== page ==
Pour 2 inches of Quick Dip directly into a clean shallow plastic container. The plastic container should be wide enough to dip several stems at once.
3. Remove outside wrapper carefully on your first bunch of flowers. Always treat your flowers carefully. Don't be mean to them!
4. In removing foliage, care should be taken not to damage the stem or scrape the bark. If this happens, it can cause stem rot by allowing microorganisms to grow. All foliage must be removed under the water line. Foliage under the water line increases chance of bacteria growth resulting in premature wilting.
5. Using a sharp knife or pruning shears each flower will need to be recut. Scissors will crush the ends so the flower cannot drink. You will notice that the stem ends are dried out, once you cut the flowers will take a gulp of water. Cutting underwater will prevent a gulp of air which causes air blockage in the stems. Always cut on an angle to provide a larger surface for water absorption and to keep the ends from sitting flat in the container and hinder their drinking. Make sure that the flower stems remain under water while you finish the pack.
6. Dip the stems of the pack all at one time into
Quick Dip to hydrate the flower. This will clear stems of blockage and initiates water uptake to the flower head. Dip the bottom 1-2" of each stem into the
Quick Dip solution for ONE SECOND and then place in the very warm floral food solution. Care must be taken that the Quick Dip stem area is below the liquid level in the final solution.
Why Hydrate? It has been proven to increase flower longevity, eliminating bent necks.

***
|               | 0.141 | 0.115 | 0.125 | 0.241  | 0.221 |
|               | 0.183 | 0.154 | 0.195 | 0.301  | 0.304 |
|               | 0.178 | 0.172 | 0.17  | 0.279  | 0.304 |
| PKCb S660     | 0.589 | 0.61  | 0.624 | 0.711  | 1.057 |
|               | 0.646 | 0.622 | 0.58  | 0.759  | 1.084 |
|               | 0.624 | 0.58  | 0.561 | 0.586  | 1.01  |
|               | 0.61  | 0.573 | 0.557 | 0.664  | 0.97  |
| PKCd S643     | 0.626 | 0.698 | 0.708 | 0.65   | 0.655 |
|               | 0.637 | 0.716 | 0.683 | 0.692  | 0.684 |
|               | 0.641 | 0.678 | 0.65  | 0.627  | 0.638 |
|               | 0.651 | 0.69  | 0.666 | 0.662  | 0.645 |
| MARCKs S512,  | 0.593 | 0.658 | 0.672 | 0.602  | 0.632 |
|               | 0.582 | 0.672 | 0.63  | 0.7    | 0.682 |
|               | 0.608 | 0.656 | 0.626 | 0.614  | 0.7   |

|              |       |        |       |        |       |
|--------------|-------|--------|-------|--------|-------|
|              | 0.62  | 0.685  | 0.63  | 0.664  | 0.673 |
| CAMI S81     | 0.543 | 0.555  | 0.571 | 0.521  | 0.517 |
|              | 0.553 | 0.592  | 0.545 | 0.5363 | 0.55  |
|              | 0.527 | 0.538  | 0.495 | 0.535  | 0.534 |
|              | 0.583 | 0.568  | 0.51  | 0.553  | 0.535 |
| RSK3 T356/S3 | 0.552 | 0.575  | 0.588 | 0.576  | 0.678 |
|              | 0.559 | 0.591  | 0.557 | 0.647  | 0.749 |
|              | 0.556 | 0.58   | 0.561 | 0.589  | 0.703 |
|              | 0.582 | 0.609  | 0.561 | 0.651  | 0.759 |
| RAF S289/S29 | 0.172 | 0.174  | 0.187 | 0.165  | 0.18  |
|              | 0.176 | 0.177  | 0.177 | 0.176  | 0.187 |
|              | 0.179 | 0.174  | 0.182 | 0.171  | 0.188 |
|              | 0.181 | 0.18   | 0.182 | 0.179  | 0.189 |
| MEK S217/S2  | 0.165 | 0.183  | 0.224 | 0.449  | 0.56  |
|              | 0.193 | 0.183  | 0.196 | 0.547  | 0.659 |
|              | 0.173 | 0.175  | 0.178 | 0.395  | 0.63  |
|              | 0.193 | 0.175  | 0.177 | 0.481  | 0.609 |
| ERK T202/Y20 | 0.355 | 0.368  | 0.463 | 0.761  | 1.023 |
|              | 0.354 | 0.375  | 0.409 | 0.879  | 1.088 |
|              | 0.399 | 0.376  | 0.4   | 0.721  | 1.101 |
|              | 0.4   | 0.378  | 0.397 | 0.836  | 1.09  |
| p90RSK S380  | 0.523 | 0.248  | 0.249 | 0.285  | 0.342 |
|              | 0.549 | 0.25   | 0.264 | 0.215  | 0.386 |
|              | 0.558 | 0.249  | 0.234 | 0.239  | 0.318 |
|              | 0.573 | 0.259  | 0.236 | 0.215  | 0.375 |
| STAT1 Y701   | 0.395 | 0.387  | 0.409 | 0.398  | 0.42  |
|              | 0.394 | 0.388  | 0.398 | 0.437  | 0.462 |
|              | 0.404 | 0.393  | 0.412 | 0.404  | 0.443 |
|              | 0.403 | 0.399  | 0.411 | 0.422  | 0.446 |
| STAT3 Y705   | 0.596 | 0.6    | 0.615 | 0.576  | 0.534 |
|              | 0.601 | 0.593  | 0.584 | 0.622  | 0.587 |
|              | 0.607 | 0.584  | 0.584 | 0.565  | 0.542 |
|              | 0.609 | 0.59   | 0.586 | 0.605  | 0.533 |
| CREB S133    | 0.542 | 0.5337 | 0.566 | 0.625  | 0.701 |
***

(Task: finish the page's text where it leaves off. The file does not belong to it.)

7. Continue until all your flowers are prepped. Let your flowers drink and rest in a cool dark place overnight. If you see that some flowers are still drooping after 3-4 hours recut following the above directions, sometimes a little air bubble occurred. If your flowers need to be forced to open you can do this with very warm water and re-cutting the stems every 2 hours until they are opening to your satisfaction on the second day.
8. After designs are complete spray with the
Finishing Touch Floral Mist
or Crowning Glory to refresh, hydrate and protect your flowers. The last step for longest life and a fresh look throughout your event.
||Never place daffodils together with any other flower. These should be placed in a separate container. The sap will kill other flower in the same bucket with them.
Tulips should not be in a bucket with floral food. Just use fresh water with them.
To keep tulips from opening a thin wire should be
pushed carefully through the stem just below the head and
removed. Do this twice in a crisscross design.Keep fresh flowers away from engine exhaust, cigarette smoke, gas heaters, drafts, cold outside temperatures, sunlight, warm to hot temperatures.
Flowers love to be misted with warm water. If humidity is dry where you are living, you may want to mist occasionally.
Want ivy? Buy a plant at your local nursery and snip away!